We tested the 11th Gen Intel Core i5-1135G7 4-core/8-thread, 2.2/4.2GHz. Geekbench 5 single/multi was 1441/5210. Interestingly the i7-1165G7 (not tested) is not that much faster. PassMark is 10004 versus 10499 for the i7.
Throttling is not an issue on mains power. We ran a 100% load test for 15 minutes. It was 4.1Ghz for 11 minutes and then 3.4Ghz. It would be rare to subject this device to those extreme loads. Temperatures stay around 50°, rising to 70° at the end. Fan noise went from 25dB to 36dB.
It has the new Intel Iris X3 graphics with 80 execution units – OpenCL/Vulcan 14207/15070.
HW decode Direct3D 9 (DXVA2), Direct3D11, Intel Media SDK, MFT filters, Intel VA
HW Acceleration VC/VC1/MPEG2/HEVC/VP9/JPEG/AV1
Full support for Direct 3D 12 and 15, OPELGL 4.5 and OPEN CL 2.1
It will play most modern games at medium frame rates. It is more for productivity.
It can take up to 2 x 32GB SODIMM, maxing out at 64GB. Storage is a TS512GMTS4305 – an M2.2242 SATA 6 SSD with very average performance – commensurate with the SATA 6 interface. The slot is B-keyed (two keys), so you can’t swap in a PCIe NVMe, even if you could find one. Use it as a boot drive. Fortunately, it has an M2.2280 PCIe 4.0 NVME 1.3 four-lane slot that you can use too. It also supports the latest PCIe 4.0, so speeds top out at around 7000/4000MBps sequential read/write with the right SSD.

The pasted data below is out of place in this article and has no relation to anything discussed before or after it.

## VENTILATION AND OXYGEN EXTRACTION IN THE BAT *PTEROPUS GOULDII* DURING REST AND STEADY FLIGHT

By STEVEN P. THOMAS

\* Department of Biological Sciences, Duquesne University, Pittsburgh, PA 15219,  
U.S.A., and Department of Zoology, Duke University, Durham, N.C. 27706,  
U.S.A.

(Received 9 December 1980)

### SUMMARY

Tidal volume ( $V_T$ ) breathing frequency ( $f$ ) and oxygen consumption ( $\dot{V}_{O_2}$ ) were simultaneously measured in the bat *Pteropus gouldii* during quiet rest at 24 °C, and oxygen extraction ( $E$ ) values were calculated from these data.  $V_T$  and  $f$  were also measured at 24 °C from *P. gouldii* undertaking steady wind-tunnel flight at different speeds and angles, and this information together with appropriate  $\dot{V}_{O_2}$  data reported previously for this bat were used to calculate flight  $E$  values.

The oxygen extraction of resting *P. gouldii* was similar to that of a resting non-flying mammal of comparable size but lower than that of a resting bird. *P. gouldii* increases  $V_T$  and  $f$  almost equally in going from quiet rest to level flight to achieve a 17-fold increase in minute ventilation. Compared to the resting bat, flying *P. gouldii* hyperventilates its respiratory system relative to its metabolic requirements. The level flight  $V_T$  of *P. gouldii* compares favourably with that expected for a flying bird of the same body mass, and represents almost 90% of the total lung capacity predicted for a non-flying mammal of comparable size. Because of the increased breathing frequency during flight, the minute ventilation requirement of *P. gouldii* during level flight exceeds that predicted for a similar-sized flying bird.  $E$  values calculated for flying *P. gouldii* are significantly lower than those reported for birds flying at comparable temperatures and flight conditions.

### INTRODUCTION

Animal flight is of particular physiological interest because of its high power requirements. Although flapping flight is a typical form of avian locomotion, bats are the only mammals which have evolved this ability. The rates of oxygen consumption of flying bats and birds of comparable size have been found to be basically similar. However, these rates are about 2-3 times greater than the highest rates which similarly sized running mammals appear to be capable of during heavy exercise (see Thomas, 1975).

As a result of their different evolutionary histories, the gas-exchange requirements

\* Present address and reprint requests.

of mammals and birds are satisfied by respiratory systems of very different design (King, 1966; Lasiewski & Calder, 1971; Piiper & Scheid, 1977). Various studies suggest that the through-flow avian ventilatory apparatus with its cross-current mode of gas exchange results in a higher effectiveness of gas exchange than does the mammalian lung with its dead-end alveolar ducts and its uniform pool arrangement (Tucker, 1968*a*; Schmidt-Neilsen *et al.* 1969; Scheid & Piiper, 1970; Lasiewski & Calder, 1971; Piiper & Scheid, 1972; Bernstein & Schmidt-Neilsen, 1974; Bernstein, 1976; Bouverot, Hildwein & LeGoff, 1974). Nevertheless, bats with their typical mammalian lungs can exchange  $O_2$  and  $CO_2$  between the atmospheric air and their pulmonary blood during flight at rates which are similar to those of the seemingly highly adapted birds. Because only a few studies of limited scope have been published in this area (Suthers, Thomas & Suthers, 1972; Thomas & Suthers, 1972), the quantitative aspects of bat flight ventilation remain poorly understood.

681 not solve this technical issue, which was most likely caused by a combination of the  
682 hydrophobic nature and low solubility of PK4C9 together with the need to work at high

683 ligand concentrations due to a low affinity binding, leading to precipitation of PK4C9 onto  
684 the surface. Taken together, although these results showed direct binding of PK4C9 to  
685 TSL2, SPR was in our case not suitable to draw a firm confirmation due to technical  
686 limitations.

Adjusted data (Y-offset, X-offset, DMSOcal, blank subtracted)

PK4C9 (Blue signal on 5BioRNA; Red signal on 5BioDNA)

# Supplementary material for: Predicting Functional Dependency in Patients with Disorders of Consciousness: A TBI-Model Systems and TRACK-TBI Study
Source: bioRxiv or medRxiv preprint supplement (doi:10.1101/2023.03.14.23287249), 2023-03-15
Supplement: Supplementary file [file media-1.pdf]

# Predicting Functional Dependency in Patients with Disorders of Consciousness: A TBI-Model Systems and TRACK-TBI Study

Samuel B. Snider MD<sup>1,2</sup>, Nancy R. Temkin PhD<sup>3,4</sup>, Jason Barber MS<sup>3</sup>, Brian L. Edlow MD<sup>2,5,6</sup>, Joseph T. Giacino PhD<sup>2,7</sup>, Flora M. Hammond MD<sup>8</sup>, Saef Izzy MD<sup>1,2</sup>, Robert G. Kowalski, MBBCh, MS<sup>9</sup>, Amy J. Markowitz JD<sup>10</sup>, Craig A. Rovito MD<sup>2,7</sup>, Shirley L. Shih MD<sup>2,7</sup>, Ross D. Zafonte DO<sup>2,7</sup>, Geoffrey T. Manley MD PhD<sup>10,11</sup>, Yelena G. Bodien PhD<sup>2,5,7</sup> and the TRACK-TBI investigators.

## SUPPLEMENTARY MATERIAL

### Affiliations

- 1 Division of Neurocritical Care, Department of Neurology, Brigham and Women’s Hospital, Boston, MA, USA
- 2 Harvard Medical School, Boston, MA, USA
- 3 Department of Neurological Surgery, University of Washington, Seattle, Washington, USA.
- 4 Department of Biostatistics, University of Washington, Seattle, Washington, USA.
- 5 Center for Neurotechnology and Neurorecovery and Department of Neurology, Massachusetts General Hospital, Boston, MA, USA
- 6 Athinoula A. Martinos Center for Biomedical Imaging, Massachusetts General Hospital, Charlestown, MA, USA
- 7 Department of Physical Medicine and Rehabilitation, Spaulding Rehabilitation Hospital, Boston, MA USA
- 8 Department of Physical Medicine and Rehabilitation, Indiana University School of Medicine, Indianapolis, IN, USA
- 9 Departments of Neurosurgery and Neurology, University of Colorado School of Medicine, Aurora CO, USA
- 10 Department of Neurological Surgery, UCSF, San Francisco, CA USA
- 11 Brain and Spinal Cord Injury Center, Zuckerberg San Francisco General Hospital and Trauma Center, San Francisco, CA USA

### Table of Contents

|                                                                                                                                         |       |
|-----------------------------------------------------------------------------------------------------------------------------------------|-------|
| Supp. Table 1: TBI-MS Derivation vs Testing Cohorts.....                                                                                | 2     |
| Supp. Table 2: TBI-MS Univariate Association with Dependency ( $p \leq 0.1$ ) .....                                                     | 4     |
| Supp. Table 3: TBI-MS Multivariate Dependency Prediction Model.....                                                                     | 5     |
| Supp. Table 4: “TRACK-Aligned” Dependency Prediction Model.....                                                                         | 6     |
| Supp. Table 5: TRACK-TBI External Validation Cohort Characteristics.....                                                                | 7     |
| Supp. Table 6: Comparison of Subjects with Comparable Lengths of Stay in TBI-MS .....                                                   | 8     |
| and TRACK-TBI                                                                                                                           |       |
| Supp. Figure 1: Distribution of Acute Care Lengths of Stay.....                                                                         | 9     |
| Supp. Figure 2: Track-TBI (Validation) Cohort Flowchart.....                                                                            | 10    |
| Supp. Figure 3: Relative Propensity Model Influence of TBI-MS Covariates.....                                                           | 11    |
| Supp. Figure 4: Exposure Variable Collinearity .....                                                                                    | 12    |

We did not experiment with disk clone to a second SSD, but there is no reason you could not create an M2.2280 boot SSD and remove the 512GB.
50% load 25W
100% load 49W (above TDP)
This is well below a typical desktop and should cost about 1 cent per hour to run.
Interestingly this supports 1 x Thunderbolt 4 (40Gbps), and by inference, it is also USB 4.0 (20/40Gbps) and 1 x Thunderbolt 3 (USB-C 3.2 Gen 2), both with ALT DP 1.4a. Unfortunately, it draws 120W, so upstream charging from a dock is disabled. That means you can buy a lower cost, lower-powered dock.
What this means is that you can get higher res support over HDMI 2.0b. This supports a maximum of 18Gbps, [email protected], HDR/HLG and Ultra-wide 21:9 monitors. All it is missing is bandwidth (48Gbps for HDMI 21.) and means it cannot support dynamic metadata like Dolby Vision.
Front: 2x USB 3.2